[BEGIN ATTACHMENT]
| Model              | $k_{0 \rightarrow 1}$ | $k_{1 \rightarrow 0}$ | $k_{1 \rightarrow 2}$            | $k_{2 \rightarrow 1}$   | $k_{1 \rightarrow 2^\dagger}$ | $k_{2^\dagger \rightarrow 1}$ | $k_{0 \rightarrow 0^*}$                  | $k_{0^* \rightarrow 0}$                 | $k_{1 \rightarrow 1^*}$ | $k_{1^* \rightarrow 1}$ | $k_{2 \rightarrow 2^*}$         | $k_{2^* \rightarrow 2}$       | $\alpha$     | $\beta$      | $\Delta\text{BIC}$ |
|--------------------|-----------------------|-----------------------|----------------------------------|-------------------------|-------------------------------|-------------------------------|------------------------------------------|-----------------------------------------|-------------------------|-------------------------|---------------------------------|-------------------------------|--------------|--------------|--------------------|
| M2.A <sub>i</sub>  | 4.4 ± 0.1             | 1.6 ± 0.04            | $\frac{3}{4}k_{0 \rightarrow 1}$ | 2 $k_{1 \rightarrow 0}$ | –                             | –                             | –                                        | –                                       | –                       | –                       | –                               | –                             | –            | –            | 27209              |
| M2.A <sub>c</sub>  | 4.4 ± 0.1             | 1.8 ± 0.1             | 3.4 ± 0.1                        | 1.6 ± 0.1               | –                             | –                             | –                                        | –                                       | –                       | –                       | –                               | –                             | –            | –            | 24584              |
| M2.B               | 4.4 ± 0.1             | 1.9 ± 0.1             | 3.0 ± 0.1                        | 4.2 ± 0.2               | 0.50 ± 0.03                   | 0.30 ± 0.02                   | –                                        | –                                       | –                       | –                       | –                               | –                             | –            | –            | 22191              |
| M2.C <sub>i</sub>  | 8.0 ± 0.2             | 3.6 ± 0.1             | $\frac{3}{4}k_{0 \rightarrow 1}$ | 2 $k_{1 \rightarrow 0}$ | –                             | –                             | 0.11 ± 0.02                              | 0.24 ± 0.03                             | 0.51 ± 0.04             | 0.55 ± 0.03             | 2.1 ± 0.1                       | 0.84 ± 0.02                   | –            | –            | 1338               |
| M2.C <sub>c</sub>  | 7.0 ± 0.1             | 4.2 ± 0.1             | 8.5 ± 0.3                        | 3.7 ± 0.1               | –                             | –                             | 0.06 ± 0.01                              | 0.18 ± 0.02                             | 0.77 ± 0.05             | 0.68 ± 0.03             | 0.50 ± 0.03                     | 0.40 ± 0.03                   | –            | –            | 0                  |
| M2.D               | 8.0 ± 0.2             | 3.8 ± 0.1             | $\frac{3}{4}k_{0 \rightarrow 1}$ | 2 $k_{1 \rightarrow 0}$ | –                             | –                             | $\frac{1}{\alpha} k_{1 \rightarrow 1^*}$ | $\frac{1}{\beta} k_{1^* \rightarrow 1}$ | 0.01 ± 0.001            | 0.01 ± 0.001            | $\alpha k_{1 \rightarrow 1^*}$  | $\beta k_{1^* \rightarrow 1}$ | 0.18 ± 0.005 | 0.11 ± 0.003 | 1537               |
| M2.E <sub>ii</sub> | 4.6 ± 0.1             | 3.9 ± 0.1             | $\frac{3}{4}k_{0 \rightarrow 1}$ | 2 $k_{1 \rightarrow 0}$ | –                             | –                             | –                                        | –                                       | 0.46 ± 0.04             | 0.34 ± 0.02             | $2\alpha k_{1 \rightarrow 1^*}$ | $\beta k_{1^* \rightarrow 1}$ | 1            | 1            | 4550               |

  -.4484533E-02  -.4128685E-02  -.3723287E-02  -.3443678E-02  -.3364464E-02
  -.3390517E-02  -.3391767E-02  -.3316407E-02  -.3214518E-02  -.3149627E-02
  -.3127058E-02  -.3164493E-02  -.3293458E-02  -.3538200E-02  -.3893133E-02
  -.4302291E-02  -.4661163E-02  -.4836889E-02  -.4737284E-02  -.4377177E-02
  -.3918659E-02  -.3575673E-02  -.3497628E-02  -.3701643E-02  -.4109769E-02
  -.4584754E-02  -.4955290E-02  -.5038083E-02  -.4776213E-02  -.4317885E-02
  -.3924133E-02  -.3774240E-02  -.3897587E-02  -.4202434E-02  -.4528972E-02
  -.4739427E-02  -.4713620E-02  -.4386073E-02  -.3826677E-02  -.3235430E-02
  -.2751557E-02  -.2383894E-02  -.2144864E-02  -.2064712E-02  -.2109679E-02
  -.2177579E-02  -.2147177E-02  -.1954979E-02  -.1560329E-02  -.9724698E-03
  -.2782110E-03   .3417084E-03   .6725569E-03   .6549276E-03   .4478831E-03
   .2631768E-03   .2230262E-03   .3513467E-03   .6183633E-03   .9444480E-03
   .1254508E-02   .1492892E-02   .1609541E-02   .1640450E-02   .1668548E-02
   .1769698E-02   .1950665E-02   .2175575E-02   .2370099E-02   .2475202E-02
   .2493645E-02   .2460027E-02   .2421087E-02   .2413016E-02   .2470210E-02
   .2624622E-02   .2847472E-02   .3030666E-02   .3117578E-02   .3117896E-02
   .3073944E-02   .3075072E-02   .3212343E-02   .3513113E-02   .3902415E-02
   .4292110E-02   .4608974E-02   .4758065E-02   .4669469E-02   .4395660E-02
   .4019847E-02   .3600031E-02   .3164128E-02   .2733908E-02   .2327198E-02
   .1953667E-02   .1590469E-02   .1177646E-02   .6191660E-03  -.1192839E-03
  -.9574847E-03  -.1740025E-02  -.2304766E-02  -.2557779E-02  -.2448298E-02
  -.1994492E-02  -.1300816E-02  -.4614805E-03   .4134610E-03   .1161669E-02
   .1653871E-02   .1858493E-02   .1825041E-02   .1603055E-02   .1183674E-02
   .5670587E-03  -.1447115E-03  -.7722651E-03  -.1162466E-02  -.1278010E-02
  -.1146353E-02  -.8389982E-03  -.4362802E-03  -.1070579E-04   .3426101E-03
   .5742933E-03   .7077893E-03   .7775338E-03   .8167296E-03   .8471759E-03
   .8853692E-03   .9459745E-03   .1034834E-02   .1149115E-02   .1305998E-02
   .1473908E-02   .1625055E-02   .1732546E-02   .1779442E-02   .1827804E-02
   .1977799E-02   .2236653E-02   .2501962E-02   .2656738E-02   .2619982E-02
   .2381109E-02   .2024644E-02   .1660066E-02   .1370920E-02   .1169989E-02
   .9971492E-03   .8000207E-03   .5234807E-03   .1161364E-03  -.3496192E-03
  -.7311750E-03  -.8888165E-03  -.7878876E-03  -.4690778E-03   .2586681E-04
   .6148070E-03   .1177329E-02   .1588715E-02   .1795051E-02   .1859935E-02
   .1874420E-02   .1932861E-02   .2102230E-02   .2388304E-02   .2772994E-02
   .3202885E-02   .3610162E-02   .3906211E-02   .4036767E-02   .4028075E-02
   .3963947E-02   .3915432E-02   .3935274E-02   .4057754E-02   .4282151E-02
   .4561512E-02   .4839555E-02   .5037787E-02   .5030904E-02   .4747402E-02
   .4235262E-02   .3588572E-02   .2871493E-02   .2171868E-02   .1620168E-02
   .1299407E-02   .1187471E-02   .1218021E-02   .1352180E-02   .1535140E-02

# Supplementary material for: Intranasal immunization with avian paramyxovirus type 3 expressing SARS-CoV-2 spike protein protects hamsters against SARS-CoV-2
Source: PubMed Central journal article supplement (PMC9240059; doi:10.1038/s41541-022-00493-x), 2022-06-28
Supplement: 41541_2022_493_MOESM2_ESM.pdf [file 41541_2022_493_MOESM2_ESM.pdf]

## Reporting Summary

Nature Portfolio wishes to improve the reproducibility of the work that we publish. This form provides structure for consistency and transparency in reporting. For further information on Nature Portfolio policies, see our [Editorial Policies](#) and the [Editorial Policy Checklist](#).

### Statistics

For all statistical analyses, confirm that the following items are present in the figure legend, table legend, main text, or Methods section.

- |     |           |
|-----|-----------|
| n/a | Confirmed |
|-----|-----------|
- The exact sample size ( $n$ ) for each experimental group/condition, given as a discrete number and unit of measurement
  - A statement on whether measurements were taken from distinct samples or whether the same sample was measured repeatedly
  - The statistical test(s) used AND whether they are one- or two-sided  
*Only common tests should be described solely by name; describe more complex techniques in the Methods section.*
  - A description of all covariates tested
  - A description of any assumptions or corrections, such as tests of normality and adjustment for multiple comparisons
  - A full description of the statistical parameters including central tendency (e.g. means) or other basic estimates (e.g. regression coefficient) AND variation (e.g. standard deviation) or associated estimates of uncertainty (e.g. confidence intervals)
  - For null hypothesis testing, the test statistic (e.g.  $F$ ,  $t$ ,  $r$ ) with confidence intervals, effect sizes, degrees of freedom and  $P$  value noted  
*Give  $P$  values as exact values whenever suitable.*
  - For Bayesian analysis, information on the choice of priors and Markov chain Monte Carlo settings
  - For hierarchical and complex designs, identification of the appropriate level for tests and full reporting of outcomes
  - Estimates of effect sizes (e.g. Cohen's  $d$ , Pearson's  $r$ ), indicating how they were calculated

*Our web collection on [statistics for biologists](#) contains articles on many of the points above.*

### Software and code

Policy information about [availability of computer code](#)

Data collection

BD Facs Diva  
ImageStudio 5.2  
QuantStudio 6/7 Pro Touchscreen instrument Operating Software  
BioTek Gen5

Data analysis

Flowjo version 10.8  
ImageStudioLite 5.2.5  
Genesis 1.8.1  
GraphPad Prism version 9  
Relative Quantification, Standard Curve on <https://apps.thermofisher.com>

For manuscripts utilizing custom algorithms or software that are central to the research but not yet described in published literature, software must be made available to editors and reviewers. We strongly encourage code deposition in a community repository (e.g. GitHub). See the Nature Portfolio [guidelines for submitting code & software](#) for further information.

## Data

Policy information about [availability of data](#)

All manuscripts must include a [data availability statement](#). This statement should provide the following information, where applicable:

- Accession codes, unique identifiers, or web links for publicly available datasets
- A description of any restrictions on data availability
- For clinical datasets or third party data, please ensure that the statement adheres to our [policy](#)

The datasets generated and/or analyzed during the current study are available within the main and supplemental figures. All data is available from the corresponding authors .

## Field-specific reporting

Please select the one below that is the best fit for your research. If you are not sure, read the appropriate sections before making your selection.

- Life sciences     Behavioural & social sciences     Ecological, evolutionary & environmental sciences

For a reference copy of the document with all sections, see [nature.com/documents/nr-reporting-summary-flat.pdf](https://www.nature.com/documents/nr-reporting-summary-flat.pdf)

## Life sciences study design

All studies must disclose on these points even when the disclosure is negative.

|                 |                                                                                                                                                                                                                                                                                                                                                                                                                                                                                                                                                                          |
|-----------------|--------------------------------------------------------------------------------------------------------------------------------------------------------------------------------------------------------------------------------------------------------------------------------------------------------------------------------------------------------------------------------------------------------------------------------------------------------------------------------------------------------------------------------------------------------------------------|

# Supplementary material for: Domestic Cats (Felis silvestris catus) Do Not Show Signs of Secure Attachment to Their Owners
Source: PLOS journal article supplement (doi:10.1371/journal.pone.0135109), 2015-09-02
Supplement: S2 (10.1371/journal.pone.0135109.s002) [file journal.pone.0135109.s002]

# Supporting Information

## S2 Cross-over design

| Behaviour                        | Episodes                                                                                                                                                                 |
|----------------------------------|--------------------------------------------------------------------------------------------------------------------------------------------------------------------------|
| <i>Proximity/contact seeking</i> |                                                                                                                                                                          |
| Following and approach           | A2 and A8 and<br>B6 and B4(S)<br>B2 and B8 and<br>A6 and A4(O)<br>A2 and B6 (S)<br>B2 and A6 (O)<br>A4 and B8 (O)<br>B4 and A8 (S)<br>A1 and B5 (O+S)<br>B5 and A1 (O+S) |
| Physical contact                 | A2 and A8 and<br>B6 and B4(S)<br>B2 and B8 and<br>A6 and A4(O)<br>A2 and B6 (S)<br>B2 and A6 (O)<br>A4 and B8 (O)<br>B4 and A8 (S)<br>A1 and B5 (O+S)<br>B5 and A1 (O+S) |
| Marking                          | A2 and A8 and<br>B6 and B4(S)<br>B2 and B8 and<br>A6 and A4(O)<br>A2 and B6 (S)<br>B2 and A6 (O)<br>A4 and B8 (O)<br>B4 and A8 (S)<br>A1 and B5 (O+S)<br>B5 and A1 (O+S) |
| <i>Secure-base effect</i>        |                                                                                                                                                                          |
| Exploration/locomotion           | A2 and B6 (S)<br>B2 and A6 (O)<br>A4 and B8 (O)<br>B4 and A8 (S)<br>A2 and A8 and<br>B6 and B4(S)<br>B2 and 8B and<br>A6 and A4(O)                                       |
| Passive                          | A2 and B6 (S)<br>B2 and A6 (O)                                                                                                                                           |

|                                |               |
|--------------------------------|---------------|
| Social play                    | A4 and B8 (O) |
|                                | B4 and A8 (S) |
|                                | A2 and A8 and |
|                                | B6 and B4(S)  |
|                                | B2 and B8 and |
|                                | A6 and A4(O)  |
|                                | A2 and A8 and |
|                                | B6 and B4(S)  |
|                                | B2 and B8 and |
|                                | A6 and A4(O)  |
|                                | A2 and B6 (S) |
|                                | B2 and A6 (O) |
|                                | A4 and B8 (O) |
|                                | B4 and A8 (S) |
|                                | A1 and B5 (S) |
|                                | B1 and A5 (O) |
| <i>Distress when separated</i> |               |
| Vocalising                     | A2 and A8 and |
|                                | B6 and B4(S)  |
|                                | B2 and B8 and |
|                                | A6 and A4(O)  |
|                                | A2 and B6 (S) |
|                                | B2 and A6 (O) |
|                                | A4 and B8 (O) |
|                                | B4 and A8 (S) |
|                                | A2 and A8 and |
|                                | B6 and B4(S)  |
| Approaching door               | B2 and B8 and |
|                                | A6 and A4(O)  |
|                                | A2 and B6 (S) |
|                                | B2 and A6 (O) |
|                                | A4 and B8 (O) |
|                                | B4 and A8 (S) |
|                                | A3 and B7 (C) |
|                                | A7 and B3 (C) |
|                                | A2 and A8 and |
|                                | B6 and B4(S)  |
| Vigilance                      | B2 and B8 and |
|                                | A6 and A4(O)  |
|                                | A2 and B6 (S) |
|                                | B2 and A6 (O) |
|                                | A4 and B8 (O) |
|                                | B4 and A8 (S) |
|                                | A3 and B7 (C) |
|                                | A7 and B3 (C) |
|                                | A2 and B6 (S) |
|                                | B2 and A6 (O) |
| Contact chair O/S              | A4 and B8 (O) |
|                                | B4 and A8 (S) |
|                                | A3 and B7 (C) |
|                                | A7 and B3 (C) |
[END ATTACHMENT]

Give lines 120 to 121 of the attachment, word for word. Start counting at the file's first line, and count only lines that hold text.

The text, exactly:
|                                | A2 and A8 and |
|                                | B6 and B4(S)  |